Brown supporters focused most on pocketbook issues, Coakley supporters on healthcare reform, undecided voters split
A poll conducted by the Merriman River Group (MRG) and InsideMedford.com indicates that Scott Brown leads Martha Coakley 50.8% – 41.2% in the contest to fill the seat of the late Senator Ted Kennedy. Liberty Party candidate Joe Kennedy pulls in just 1.8% support, while 6.2% of voters are still not sure. Brown and Coakley both have most of their supporters locked in. 98% of both candidate’s supporters say they are definitely or probably going to vote for their candidate. In contrast, 22% of Kennedy’s supporters are just leaning toward him, suggesting that Brown and Coakley may both want to take aim at swaying those voters.
Not surprisingly, nearly all of Coakley’s supporters approve of President Obama’s job performance, while three-quarters of Brown’s supporters disapprove. Coakley may see a glimmer of hope in the fact that more than two-thirds of undecided voters approve of the president’s job performance while only 6% disapprove, especially in light of the president’s swing through the state to campaign for her later today.
47% of Brown’s supporters say that taxes, jobs, and the economy represent the most important issue to them in this race, while half of Coakley’s supporters say that healthcare reform is most important to them. Undecided voters are nearly evenly split between the two issues—40% say they’re most concerned with taxes, jobs, and the economy with 37% saying that healthcare reform that most concerns them. “For Coakley to have a chance, she needs to convince voters that the Democratic party’s agenda for the economy is the right one, and she needs to do it fast,” said MRG’s executive director, Matt Fitch.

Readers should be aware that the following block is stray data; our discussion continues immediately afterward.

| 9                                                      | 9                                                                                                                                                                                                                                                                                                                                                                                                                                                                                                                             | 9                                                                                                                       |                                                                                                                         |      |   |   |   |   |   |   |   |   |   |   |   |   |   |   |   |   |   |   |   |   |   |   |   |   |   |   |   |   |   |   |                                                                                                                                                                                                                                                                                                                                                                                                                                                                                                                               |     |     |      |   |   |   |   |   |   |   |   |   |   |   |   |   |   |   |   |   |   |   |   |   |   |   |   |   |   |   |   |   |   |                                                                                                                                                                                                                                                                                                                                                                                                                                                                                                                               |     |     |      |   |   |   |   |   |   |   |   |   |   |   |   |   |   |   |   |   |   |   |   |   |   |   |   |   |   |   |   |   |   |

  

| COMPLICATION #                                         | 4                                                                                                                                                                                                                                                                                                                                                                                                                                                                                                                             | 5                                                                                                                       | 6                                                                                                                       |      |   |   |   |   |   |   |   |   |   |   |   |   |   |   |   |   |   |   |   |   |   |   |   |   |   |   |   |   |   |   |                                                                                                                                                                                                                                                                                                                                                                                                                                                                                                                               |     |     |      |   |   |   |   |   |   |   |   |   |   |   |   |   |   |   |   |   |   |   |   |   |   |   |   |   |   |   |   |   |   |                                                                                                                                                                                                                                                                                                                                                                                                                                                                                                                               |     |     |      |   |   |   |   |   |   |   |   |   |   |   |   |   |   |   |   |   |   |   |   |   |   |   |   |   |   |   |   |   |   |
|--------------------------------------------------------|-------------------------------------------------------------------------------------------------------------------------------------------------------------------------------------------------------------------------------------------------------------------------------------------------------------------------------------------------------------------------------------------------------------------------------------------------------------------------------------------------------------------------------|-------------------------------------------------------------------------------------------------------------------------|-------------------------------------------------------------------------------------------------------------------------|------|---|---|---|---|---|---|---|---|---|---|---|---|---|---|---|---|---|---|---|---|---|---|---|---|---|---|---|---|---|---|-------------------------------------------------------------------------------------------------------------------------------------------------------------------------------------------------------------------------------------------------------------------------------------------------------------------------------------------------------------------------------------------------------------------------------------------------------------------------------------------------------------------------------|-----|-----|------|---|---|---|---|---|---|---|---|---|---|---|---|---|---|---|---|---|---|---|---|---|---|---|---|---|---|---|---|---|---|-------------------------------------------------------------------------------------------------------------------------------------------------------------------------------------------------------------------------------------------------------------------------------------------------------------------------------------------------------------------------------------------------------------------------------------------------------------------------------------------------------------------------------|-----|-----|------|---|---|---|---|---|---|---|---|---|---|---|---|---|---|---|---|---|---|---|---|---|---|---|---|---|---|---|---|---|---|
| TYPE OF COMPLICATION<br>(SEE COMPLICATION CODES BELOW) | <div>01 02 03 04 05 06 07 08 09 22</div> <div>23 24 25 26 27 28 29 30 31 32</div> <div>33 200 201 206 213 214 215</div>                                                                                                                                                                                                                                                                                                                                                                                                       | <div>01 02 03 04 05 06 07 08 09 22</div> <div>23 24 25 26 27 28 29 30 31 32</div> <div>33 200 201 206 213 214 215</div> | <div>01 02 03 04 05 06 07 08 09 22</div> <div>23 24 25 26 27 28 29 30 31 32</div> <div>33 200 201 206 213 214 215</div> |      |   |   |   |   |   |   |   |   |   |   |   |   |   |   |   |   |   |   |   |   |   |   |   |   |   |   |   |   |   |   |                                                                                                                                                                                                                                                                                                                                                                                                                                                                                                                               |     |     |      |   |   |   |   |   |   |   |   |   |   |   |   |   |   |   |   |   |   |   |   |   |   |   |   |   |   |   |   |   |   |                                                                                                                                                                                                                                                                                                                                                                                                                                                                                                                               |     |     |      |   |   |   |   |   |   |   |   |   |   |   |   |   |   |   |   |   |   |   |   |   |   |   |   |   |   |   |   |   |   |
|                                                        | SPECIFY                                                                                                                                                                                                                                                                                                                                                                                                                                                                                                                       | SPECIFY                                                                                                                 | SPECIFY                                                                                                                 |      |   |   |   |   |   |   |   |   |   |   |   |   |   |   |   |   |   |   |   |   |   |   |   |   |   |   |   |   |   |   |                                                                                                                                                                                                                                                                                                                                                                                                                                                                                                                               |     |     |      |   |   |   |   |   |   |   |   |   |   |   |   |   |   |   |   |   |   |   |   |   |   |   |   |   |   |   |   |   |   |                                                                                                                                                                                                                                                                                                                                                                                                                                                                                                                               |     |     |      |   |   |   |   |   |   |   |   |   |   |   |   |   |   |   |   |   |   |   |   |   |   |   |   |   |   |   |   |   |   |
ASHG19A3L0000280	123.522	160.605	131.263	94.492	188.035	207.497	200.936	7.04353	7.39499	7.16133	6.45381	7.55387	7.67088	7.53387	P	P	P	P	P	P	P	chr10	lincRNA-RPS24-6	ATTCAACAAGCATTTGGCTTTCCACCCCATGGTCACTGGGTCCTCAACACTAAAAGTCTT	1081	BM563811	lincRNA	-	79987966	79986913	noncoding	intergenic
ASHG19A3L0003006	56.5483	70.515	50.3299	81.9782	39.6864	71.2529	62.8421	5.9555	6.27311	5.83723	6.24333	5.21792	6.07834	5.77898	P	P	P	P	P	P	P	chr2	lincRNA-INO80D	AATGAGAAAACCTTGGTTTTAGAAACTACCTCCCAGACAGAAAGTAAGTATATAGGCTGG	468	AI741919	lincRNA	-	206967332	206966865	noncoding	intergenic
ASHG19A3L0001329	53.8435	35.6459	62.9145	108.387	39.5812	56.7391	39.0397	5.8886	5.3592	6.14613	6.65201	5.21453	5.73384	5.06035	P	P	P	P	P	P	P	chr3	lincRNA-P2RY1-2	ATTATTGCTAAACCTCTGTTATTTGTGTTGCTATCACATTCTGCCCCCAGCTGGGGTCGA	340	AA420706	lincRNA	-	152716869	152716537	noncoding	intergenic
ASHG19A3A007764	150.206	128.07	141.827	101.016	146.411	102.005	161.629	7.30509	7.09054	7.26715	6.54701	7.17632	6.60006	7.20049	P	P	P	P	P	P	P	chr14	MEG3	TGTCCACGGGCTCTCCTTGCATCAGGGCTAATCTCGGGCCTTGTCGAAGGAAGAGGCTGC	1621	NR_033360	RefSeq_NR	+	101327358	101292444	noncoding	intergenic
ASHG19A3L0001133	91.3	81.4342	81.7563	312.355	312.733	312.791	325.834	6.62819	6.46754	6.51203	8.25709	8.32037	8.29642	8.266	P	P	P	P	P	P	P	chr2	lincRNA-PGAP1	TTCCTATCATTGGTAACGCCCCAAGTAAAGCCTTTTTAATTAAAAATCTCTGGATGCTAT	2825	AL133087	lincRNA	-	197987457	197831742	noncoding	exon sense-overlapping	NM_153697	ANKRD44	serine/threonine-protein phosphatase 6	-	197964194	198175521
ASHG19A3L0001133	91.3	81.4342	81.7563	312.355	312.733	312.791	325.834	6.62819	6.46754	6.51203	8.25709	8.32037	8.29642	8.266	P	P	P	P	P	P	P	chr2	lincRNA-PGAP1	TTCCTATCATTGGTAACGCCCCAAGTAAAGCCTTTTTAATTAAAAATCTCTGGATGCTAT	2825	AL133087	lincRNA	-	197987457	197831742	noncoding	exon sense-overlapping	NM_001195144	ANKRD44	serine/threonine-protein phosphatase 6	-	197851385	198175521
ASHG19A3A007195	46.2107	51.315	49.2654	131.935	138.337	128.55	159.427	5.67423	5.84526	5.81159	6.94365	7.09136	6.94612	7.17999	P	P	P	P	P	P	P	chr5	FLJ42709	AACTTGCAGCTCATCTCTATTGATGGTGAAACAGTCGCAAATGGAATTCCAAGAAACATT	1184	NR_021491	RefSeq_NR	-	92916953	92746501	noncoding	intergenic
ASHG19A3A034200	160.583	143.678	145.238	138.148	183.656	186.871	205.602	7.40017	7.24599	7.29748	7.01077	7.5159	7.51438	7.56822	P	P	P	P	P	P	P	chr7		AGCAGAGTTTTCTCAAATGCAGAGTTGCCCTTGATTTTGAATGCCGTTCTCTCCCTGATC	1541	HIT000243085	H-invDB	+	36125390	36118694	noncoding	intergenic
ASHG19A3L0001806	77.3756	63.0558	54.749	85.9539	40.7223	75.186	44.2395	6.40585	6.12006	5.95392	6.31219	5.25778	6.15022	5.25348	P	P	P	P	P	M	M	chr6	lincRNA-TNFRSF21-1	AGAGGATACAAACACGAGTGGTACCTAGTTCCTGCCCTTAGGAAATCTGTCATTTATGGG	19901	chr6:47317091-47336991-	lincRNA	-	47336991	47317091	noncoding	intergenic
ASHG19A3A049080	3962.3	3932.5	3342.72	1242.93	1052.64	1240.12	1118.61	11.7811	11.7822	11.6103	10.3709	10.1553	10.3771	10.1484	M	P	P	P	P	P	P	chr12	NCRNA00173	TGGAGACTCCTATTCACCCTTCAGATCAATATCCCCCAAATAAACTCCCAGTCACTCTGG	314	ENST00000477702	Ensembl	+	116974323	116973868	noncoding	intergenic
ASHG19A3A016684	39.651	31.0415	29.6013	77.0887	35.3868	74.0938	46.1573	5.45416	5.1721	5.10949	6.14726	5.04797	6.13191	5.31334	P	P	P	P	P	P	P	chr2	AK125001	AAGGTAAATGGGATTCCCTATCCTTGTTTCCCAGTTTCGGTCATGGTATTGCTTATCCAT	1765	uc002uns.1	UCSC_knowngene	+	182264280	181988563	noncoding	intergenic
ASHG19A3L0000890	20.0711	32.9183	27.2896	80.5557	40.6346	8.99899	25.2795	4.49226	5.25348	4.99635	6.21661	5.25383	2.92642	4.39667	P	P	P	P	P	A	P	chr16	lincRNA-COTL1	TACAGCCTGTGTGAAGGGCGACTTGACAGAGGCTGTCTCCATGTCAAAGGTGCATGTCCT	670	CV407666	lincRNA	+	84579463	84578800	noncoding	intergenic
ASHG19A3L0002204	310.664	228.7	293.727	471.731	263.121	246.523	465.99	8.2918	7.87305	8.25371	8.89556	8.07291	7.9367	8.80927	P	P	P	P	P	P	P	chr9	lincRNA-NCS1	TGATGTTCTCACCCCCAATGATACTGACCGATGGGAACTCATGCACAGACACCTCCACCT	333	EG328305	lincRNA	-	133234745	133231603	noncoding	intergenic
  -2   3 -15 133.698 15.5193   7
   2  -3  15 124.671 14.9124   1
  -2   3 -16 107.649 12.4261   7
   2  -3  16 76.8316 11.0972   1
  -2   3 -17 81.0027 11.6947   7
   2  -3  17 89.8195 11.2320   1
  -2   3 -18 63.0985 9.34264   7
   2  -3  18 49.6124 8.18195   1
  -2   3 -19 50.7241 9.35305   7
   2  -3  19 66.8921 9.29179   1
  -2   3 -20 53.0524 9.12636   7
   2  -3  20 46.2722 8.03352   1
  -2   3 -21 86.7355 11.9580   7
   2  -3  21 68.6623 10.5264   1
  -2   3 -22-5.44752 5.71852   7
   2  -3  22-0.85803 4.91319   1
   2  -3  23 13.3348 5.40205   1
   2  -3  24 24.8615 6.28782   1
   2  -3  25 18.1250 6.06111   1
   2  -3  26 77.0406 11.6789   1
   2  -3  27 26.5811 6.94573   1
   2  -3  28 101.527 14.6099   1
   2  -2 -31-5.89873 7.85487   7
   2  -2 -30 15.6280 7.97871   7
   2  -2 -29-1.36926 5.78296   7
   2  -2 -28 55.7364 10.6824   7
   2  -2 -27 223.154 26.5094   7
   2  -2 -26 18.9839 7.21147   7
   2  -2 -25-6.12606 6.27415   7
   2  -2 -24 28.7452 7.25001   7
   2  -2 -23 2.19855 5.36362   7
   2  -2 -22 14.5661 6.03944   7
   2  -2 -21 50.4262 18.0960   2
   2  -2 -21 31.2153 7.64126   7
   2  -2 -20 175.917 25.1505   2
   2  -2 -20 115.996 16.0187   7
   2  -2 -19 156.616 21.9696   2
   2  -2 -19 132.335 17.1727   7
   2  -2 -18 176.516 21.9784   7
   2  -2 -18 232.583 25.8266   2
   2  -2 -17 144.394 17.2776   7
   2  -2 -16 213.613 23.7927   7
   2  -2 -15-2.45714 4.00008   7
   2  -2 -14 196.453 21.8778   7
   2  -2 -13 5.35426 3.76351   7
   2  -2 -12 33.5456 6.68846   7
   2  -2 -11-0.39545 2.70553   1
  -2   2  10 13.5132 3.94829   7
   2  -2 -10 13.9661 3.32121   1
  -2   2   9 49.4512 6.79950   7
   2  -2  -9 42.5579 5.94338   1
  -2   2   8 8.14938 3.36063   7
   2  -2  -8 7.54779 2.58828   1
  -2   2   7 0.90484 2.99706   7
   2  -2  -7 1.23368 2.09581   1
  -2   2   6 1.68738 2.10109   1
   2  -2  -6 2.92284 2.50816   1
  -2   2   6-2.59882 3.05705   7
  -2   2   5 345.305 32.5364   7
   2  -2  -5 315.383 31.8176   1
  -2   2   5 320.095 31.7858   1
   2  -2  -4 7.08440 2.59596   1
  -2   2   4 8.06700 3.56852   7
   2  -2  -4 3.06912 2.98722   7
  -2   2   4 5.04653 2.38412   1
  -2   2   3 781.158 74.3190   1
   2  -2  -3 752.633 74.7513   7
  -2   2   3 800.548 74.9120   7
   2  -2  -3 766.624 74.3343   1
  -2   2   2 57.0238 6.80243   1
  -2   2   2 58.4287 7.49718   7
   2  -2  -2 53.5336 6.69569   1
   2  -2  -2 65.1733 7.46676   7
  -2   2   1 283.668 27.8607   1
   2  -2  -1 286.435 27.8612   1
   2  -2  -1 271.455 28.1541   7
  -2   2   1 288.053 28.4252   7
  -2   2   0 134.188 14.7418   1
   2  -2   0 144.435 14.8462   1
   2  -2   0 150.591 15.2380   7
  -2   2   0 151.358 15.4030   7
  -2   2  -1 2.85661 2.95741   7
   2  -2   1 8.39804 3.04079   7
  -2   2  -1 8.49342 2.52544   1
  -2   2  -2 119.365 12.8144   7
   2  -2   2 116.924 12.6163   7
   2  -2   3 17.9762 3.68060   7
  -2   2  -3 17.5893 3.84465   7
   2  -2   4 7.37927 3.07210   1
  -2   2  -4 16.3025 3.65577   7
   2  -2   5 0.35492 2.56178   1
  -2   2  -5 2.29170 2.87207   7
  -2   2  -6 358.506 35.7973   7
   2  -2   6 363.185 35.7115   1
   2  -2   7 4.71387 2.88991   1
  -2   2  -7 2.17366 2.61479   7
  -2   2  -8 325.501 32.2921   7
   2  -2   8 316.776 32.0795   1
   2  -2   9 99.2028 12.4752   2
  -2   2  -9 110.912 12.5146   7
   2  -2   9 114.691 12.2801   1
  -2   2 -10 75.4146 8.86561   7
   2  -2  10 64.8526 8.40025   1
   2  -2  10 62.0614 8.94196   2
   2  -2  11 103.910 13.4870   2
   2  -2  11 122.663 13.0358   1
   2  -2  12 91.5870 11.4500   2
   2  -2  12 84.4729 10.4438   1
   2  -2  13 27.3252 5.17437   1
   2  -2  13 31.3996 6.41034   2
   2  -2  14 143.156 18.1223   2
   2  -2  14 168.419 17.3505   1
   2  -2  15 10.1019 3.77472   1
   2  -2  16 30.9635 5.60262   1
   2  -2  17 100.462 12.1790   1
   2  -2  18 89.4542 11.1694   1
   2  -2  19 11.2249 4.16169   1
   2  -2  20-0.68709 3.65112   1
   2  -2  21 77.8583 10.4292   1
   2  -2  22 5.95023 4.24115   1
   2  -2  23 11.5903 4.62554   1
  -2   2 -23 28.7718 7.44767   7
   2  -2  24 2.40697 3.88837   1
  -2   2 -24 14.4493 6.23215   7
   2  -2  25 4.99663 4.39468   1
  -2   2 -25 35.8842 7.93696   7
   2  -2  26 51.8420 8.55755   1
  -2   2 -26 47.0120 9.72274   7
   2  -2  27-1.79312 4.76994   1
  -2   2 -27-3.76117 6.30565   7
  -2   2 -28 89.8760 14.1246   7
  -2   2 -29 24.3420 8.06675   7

The recent dust-up between the candidates over abortion laws seems to have had minimal impact on the race. Only 8% of Brown’s supporters and 5% of Coakley’s supporters say it’s the most important issue to them.
The endorsement in Medford on January 7 of Martha Coakley by members of Senator Ted Kennedy’s family appears to have had little effect on most voters and to have backfired with others. 55% said that it was not important to them, but 27% said it made them less likely to vote for Coakley, while only 18% said it made them more likely to vote for her. As for undecided voters, more than two-thirds said the endorsement was not important. “The Kennedy family endorsement seems to have hurt more than it helped Coakley, despite the popularity of the Kennedys in the state and in Medford,” said Allison Goldsberry, Editor of InsideMedford.com.
What seems to tip the race in Brown’s favor most is his popularity among Moderates, Independents, and men, and Coakley’s lack of an advantage among women. Brown nearly doubles Coakley’s total among Moderates, 62% – 32%, and has an even bigger margin among Independents, 64% – 26%. There’s also a one-way gender effect that favors Brown, who holds a nearly two-to-one lead over Coakley among men while women are split evenly between the two candidates. Brown does best among white voters, while Coakley leads among non-whites, suggesting that minority turnout may play a crucial role on election day. Brown is also leading among all age groups.
MRG surveyed 565 likely voters between 5:00 P.M. and 8:45 P.M. on January 15, 2010 using touch-tone polling technology. The margin of error is +/– 4.1%. Some columns do not sum to 100% due to rounding.
Merriman River Group, founded in 1998, is a full service consulting organization specializing in election management, opinion research and communication. In 2008 and 2009, MRG provided nationally representative telephone survey data for the for the Harvard Kennedy School’s Center for Public Leadership’s annual National Leadership Index: A National Study of Confidence in Leadership.
InsideMedford.com is Medford’s first and only exclusively online news source. It was founded in 2007 by Allison Goldsberry, a former newspaper reporter and T.V. journalist.
For interviews, please contact Allison Goldsberry at (781) 526-1997.
For questions about the poll, please contact Matt Fitch at (203) 675-8322 or Seth Rosenthal at (781) 704-1223.